Yesterday, I participated in my second Fast for the Climate. (You can read about my first fast here.) I cannot say I find fasting for a day easy, but I certainly do find it both worthwhile and transformative.
I followed other fasters on Twitter yesterday, using the hashtag #fastfortheclimate, and noticed a couple of haters. Perhaps because the first of the month fell on a Saturday, when fewer people post on social media (they post during the week, bored at work), I simply didn’t notice these detractors last month. Or perhaps the movement has grown large enough to attract the attention of climate change deniers.
One guy tweeted that fasting for the climate is “meaningless” and “silly.” I would wager a large wad of cash that he has never fasted for any reason. Sure, my own individual fast will neither substantially cut carbon emissions today nor eliminate them by 2100, both of which the latest report from the UN’s IPCC says we must do in order to stop the severe impacts of climate change. But I didn’t fast alone. Thousands of us around the world participated. Fasting makes a statement and that statement gets louder each month as more people join in: We demand of our leaders action on climate change now.
Even if I had fasted alone, I find this practice anything but meaningless or silly. As a lapsed Catholic, I’m not religious, but I do believe in the power of meditation to calm the mind. Fasting for me is meditation on steroids.
I had a lot to do yesterday: sewing; creating a menu for a zero-waste event; figuring out what cups, glasses and cutlery to rent for it; responding to comments on my blog and catching up on reading blogs (sorry I’m so slow); tending to a sick child while avoiding getting sick myself (the fermented foods I eat daily, which help keep me healthy, were off limits, even a drink like beet kvass—I almost had some, but found a cold drink unappealing); plus the usual weekend chores like laundry.
Often my staggeringly long to-do list paralyzes me. But while fasting, my body goes into power-saving mode and turns off the noise that all too often infiltrates my brain. I can focus on the task at hand, while remaining unusually calm, rather than feeling the weight of the entire list as I scramble trying to complete it. I didn’t cross every last item off of it and it didn’t matter.
I also find sewing and knitting very meditative (and cooking) and spent most of the day cutting squares for napkins and finishing them with a rolled hem on my serger.
Next week, my incredibly talented friend Todd will give a piano recital and he asked me to provide refreshments—thus, the cloth napkins for serving my zero-waste homemade goodies (shortbread; flourless black bean brownies; and chocolate chip cookies).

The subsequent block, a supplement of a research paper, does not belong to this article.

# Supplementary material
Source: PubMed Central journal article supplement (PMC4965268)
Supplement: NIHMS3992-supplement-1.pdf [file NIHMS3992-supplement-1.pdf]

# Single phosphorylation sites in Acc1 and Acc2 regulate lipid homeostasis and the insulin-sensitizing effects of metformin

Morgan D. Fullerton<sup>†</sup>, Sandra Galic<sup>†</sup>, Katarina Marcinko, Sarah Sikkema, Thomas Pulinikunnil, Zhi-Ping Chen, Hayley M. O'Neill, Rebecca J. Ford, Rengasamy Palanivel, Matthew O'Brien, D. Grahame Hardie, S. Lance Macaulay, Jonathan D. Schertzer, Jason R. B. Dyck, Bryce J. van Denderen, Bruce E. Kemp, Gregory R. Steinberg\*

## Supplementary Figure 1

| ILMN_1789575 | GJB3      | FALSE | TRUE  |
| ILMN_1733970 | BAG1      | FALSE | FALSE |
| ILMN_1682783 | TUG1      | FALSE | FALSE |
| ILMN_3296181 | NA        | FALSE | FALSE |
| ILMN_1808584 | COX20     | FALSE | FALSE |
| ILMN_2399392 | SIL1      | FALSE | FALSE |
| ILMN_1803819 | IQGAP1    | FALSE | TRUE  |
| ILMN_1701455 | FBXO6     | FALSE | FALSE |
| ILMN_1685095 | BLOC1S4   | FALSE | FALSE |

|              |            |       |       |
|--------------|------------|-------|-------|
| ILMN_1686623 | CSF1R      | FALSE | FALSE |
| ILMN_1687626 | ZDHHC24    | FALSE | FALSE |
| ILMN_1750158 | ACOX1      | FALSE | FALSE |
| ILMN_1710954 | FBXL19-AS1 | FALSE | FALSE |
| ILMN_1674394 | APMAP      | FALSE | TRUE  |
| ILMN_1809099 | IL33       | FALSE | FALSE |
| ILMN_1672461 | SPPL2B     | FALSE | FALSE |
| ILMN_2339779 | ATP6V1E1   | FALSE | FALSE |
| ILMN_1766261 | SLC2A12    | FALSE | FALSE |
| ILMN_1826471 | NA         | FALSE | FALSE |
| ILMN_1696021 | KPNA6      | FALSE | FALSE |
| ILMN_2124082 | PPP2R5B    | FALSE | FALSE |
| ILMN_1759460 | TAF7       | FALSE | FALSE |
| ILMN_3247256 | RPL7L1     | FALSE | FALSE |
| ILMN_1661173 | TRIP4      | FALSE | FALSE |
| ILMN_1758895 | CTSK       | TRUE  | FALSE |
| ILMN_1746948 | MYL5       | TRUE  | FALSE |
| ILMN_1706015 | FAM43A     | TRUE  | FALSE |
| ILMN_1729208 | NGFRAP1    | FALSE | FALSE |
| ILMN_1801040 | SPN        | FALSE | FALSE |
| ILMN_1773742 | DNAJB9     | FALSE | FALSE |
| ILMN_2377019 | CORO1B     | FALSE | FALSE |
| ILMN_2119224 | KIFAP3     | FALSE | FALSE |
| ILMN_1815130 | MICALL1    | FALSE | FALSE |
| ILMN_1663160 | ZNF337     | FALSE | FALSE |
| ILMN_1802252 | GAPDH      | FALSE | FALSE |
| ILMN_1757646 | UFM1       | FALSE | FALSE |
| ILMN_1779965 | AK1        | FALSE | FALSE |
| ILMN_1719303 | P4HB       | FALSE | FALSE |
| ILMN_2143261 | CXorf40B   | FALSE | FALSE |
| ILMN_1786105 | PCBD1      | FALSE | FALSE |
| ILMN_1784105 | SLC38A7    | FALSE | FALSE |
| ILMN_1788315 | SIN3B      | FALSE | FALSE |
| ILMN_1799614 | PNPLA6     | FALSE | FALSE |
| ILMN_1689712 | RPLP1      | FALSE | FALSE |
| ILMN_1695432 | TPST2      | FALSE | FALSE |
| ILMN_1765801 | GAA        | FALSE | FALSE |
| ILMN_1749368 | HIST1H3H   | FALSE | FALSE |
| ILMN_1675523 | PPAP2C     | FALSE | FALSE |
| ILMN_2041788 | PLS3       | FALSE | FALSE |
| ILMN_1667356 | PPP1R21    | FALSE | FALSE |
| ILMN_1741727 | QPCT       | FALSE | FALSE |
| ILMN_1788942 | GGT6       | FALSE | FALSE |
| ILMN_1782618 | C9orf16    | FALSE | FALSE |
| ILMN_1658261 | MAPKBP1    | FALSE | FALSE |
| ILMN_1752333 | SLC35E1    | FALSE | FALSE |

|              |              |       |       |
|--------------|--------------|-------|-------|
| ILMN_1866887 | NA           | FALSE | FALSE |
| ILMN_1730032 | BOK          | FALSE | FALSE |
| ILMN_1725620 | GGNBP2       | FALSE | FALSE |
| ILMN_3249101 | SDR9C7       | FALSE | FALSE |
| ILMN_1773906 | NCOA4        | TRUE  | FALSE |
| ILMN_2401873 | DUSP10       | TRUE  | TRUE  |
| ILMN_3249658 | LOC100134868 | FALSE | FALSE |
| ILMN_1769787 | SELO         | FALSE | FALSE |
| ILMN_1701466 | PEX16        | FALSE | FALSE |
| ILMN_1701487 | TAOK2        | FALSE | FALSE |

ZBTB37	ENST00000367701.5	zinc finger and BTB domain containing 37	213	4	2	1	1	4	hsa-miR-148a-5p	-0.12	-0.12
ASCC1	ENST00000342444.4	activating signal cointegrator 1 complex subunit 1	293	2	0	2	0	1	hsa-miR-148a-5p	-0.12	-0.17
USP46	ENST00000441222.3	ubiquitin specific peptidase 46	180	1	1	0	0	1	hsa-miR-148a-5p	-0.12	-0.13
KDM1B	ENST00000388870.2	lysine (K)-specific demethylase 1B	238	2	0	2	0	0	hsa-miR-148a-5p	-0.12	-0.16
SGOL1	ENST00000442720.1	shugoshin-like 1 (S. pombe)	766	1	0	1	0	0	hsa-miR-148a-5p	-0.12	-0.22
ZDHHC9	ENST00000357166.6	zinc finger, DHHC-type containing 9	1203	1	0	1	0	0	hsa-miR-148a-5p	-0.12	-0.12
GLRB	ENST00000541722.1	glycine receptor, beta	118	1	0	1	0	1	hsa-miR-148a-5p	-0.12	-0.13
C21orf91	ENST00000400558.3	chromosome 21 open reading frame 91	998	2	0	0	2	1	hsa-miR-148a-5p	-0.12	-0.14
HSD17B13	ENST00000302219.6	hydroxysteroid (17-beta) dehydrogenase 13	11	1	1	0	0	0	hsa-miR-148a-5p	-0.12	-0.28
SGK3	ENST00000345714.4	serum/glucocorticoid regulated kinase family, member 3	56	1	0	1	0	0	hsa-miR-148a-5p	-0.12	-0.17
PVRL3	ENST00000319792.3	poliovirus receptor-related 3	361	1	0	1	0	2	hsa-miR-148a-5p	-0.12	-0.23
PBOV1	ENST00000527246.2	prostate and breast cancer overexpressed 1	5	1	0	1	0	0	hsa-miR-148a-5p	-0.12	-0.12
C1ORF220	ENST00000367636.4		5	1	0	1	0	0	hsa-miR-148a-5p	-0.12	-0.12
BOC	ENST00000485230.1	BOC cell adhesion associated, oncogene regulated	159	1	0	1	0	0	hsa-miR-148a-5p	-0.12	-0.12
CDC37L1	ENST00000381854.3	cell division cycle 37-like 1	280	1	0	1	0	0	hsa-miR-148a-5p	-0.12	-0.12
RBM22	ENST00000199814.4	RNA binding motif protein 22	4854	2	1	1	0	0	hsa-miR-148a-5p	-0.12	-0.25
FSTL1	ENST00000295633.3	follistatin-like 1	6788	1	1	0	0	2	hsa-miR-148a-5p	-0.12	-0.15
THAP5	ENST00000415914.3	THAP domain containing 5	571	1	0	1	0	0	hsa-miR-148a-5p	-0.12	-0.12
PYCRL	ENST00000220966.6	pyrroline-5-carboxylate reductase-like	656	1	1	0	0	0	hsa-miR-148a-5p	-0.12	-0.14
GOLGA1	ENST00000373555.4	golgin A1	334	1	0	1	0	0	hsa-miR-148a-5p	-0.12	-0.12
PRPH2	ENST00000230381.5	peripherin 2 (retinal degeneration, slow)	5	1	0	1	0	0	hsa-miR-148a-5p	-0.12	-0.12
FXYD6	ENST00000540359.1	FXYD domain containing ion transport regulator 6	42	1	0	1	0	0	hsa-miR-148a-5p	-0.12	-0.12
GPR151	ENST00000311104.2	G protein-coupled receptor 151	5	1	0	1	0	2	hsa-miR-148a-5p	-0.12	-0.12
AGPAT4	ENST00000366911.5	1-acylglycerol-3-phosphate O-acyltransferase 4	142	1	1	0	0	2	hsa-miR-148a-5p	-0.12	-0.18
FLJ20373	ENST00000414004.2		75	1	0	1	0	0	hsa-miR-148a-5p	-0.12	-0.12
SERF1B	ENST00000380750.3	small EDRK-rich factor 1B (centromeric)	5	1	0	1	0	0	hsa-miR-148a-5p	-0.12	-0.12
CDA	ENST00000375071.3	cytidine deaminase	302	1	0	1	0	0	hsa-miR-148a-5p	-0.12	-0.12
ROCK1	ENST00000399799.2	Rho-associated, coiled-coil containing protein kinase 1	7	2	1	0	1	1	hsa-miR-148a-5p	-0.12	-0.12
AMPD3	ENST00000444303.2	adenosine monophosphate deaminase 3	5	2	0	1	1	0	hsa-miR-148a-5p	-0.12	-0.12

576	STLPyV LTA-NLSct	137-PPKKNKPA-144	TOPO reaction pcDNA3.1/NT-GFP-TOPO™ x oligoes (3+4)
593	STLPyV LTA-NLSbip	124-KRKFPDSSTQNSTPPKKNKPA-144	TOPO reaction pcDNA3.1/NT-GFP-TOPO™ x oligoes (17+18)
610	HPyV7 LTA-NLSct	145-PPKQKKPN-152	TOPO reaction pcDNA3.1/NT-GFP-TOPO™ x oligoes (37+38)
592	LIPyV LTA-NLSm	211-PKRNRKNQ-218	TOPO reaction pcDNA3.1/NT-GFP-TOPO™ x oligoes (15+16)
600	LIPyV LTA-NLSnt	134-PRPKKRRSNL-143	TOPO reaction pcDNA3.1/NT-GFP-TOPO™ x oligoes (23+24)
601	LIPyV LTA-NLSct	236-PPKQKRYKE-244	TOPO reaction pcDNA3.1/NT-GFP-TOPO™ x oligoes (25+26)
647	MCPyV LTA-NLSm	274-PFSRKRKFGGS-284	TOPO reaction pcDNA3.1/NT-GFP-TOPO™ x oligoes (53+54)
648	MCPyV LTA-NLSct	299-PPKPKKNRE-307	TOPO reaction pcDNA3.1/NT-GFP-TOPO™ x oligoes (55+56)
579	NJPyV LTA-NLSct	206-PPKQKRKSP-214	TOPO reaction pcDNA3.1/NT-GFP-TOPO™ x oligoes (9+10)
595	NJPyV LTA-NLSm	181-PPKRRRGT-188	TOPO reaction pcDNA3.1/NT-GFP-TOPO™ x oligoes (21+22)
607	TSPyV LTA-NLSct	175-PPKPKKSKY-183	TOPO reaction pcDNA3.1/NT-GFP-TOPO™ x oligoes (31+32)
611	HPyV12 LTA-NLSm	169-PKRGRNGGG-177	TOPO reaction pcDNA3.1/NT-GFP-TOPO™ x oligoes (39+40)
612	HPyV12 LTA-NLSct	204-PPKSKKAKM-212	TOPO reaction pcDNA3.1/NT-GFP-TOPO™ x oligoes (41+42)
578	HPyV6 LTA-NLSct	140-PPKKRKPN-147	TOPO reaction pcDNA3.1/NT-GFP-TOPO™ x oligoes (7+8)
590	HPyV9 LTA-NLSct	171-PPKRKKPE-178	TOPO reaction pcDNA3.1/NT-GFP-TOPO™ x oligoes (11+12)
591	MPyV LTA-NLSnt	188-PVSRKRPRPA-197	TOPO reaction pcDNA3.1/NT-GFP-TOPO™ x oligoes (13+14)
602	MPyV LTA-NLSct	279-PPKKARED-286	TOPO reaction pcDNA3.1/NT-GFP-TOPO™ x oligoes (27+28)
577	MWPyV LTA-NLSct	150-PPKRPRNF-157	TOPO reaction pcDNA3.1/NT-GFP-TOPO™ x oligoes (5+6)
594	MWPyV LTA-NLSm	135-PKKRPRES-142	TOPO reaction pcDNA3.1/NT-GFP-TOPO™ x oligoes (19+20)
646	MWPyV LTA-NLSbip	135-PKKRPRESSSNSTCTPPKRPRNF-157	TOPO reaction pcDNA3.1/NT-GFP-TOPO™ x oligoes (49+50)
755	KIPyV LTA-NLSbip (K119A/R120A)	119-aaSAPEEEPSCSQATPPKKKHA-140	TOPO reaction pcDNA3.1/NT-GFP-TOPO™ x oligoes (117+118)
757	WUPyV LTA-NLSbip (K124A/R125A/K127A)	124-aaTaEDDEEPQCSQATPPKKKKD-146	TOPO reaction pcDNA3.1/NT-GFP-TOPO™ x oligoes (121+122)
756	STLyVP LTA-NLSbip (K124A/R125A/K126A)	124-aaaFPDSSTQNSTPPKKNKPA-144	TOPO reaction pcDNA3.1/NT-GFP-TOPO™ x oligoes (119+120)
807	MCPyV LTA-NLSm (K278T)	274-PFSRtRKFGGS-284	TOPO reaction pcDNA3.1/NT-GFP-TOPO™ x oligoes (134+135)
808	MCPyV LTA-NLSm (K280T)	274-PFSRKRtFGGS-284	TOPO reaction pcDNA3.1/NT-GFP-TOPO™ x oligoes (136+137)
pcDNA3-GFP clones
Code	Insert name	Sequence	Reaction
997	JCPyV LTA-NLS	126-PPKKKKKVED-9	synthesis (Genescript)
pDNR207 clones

While sewing, reflecting and feeling hungry, I kept coming back to one idea: slow down. How much more I appreciate my life when I slow down. This thought reminded me of a passage I had read in Don’t Even Think About It, by George Marshall:
“By all indices, happiness in developed nations peaked in the early 1970s, when Americans drove 60 percent less and flew 80 percent less. Was it so bad? The really important things: family, friends, community, faith, joy, excitement, laughter, passion, and beauty, could, if anything, be enhanced in a low-carbon society.” (page 93)
I set the sewing aside for the day and read about climate change for a couple of hours (it seemed apt). Both Marshall—and Naomi Klein, in This Changes Everything—argue that addressing climate change presents the opportunity to build a more just and equitable society. Slowing down plays a role in this future world.
Like last month, the morning after I felt quite weak yet extremely grateful for food. And like last month, I fantasized the night before about how I would break the fast. Before I went to bed, I set out two persimmons—one Hachiya and one Fuyu. As I ate the perfectly mushy Hachiya this morning (do not eat Hachiyas until they have reached peak mushiness), it dawned on me that this was the first Hachiya I had eaten this season. I was thrilled. I don’t know that I have ever given so much thought to a piece of fruit. I felt so grateful.
I may be silly for a number of reasons. Fasting isn’t one of them.